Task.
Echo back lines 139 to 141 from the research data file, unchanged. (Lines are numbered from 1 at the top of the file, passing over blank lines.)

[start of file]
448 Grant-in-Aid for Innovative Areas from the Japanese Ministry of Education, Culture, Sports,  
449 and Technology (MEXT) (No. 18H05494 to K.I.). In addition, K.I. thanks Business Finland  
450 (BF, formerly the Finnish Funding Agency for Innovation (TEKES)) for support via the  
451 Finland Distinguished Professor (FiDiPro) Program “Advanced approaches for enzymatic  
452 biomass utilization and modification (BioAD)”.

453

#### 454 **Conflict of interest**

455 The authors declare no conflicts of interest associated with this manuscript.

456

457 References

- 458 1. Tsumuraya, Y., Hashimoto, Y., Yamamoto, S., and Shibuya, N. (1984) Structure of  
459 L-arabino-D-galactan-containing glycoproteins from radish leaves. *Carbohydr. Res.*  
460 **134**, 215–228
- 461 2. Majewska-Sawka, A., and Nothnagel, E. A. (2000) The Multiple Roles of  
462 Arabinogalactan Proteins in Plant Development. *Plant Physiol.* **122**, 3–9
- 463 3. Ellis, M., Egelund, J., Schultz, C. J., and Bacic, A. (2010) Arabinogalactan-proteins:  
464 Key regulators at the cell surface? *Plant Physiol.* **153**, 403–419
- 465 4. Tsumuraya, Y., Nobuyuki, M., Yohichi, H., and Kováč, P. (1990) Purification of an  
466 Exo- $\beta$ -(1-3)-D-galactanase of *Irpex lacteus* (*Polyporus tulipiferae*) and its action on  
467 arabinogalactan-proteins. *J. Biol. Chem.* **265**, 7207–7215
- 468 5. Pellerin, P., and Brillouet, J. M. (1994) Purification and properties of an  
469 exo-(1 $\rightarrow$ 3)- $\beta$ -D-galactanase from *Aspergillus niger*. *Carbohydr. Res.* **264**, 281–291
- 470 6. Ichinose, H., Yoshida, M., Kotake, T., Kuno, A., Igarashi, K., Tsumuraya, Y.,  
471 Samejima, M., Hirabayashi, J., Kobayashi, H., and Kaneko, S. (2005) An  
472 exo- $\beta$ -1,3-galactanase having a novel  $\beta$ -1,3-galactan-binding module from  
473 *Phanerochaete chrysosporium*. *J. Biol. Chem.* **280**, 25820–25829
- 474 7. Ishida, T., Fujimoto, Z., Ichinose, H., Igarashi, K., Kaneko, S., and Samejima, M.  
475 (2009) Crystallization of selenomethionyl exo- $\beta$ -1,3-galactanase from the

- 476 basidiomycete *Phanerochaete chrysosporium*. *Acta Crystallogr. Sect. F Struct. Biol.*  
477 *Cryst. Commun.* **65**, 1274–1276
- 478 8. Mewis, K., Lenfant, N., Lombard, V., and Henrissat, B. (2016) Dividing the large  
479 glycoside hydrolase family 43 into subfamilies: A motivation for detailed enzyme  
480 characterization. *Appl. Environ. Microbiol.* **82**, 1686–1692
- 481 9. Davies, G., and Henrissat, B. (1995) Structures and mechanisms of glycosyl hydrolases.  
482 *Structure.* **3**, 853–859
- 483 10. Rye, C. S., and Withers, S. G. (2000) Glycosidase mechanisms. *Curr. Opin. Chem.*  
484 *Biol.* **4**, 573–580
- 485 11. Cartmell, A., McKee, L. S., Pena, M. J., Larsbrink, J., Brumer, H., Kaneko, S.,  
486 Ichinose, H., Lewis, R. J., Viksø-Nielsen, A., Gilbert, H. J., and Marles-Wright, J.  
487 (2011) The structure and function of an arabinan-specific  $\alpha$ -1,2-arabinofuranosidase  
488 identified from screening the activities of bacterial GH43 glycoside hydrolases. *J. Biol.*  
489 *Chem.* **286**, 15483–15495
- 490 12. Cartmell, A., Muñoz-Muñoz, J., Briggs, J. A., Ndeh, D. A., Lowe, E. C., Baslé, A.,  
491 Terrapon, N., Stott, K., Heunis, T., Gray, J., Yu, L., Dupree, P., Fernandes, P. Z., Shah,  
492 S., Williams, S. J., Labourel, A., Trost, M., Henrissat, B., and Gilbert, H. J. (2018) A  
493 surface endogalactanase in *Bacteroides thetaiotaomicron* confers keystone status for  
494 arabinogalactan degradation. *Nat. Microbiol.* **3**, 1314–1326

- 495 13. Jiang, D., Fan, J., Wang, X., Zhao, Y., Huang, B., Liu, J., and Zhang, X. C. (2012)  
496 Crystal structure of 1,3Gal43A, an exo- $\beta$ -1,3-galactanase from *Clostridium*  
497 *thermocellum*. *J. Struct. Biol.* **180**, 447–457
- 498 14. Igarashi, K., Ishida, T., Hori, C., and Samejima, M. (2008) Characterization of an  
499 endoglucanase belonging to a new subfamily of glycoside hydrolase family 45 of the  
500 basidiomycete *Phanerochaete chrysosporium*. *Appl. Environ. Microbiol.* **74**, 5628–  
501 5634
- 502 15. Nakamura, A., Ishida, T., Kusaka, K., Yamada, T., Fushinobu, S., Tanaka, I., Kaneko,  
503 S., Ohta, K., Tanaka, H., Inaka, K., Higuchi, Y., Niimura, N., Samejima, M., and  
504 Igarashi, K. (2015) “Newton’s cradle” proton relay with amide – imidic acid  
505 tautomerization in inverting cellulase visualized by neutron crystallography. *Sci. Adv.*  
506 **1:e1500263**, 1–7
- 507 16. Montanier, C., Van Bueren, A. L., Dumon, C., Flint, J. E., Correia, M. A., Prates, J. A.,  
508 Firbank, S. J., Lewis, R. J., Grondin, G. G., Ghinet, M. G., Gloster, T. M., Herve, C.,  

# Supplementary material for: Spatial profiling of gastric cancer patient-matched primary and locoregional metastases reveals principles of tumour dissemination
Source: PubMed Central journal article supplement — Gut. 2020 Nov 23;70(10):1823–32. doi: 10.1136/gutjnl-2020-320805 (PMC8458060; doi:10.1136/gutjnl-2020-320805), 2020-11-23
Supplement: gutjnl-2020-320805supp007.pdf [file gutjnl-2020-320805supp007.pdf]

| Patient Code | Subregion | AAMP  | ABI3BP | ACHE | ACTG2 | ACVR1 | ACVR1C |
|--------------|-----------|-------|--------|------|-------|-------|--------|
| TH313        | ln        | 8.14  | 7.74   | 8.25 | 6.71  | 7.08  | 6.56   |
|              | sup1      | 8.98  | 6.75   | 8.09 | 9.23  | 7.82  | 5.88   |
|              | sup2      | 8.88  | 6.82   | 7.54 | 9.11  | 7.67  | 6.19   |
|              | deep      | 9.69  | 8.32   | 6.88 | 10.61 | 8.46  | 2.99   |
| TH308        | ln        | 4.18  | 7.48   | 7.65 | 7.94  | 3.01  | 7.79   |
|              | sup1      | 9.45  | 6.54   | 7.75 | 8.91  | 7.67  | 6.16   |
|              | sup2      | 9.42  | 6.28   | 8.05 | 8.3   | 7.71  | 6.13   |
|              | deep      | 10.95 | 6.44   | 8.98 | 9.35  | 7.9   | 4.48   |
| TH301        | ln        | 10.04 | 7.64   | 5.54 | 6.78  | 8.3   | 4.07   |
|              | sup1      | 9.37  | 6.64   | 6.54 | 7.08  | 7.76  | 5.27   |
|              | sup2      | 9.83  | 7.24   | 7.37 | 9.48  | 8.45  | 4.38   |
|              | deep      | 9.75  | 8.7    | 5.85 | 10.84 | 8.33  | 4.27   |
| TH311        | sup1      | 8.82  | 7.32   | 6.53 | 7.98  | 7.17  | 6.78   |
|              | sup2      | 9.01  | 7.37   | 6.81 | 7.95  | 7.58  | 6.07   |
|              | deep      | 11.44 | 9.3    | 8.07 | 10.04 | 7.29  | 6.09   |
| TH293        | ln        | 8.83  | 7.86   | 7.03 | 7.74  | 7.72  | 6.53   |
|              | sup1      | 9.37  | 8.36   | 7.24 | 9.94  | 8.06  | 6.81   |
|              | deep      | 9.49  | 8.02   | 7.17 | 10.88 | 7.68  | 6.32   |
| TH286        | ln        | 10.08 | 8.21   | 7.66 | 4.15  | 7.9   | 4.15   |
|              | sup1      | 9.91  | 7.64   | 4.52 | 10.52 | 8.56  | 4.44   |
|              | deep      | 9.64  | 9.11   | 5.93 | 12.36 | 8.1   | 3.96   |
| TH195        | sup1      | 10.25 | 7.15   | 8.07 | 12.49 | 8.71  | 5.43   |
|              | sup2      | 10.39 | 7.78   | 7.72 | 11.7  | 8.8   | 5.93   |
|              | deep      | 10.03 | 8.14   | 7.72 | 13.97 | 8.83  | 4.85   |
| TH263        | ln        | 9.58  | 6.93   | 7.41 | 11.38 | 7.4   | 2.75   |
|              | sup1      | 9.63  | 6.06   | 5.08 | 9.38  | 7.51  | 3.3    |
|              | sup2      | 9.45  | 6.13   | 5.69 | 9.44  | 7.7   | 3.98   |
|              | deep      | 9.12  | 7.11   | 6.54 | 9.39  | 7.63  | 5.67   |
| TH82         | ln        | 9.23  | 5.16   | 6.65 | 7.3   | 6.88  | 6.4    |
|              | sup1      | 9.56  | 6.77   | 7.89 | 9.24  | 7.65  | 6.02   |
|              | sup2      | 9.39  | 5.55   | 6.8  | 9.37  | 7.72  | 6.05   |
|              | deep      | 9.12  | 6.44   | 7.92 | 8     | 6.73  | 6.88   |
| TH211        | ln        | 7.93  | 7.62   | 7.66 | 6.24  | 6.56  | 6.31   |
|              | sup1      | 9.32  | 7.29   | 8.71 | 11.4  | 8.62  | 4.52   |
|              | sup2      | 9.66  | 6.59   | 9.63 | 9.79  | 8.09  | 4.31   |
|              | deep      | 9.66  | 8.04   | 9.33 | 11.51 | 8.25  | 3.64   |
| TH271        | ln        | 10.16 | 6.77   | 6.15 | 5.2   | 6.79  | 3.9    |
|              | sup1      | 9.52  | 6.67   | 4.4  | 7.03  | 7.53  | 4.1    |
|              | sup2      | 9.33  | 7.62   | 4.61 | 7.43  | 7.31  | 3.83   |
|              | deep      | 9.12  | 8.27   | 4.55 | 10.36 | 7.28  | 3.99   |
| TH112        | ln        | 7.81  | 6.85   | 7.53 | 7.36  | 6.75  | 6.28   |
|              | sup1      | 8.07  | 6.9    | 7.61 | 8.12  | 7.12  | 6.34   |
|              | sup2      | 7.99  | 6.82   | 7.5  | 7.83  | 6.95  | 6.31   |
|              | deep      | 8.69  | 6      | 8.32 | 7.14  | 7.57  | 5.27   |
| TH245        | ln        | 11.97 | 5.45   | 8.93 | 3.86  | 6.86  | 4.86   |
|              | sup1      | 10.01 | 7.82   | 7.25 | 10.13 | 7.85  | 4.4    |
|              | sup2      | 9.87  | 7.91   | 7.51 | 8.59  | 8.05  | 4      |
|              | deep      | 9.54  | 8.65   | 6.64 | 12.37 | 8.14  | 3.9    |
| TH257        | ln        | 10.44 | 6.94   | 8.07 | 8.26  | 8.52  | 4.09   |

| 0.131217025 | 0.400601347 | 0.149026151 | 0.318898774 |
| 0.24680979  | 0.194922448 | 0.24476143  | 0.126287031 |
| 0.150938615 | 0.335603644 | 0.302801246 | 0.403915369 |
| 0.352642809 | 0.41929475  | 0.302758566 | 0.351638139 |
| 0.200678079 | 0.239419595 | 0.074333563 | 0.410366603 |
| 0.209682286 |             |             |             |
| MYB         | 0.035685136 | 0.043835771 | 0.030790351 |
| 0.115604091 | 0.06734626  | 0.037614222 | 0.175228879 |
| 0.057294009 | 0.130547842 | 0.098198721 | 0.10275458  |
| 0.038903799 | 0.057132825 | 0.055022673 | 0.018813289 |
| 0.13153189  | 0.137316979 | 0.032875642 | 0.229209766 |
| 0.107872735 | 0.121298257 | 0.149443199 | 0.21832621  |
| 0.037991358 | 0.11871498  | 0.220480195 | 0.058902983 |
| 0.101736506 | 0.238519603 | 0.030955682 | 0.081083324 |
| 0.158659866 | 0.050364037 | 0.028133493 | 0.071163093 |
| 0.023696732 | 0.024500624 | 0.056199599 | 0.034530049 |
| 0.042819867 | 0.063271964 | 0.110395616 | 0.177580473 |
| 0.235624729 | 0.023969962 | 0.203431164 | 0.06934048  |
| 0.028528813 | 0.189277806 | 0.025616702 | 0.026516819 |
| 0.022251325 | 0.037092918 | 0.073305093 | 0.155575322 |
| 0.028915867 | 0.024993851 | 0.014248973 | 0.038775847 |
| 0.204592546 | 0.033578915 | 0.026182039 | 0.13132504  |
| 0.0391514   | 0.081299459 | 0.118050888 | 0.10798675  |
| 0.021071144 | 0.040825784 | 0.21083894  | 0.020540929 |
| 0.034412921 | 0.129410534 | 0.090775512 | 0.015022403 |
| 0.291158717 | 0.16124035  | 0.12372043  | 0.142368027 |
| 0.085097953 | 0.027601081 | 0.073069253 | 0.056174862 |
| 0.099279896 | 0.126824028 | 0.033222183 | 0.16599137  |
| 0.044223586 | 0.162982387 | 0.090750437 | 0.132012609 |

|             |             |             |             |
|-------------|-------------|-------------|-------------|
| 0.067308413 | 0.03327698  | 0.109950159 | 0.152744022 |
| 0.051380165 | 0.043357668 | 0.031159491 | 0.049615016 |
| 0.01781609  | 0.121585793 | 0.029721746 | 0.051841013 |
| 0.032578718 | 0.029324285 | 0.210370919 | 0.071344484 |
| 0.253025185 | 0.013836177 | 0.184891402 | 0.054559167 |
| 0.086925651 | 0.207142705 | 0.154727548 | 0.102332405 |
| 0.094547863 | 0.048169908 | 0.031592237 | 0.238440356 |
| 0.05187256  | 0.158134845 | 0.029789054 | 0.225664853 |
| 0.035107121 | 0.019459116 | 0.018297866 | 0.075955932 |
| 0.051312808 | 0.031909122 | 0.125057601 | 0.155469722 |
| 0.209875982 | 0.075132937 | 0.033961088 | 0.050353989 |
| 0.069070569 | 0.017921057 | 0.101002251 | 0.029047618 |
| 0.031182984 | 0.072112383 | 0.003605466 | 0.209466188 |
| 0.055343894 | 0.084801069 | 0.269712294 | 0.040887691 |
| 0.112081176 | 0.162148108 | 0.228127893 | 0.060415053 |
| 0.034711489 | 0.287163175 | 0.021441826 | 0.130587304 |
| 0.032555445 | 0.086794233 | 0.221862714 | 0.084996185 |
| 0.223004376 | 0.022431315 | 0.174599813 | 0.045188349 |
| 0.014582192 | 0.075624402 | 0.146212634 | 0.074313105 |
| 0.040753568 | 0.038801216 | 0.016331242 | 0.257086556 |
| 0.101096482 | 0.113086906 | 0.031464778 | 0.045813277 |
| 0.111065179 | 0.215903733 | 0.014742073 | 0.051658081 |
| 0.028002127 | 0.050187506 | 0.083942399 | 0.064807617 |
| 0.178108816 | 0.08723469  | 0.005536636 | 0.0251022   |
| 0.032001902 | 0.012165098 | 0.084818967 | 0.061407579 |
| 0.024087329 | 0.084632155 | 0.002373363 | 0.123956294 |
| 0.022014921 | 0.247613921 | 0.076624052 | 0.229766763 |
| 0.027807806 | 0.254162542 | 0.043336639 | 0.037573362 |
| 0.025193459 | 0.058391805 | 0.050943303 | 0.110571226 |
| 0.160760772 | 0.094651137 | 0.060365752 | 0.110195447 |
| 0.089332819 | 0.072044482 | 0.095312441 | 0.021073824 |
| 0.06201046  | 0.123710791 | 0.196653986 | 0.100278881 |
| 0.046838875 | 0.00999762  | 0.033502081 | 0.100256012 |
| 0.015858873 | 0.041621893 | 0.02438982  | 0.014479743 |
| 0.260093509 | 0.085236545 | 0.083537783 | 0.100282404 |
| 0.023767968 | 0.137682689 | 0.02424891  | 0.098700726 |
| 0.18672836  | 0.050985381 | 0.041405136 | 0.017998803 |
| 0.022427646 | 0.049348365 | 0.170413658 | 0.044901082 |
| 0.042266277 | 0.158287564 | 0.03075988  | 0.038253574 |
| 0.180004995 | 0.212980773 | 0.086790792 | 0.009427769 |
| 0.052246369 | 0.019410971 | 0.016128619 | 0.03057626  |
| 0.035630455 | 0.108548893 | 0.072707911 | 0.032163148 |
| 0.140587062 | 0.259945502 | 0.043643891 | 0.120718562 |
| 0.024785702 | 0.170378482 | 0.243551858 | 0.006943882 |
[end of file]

| 0.021071144 | 0.040825784 | 0.21083894  | 0.020540929 |
| 0.034412921 | 0.129410534 | 0.090775512 | 0.015022403 |
| 0.291158717 | 0.16124035  | 0.12372043  | 0.142368027 |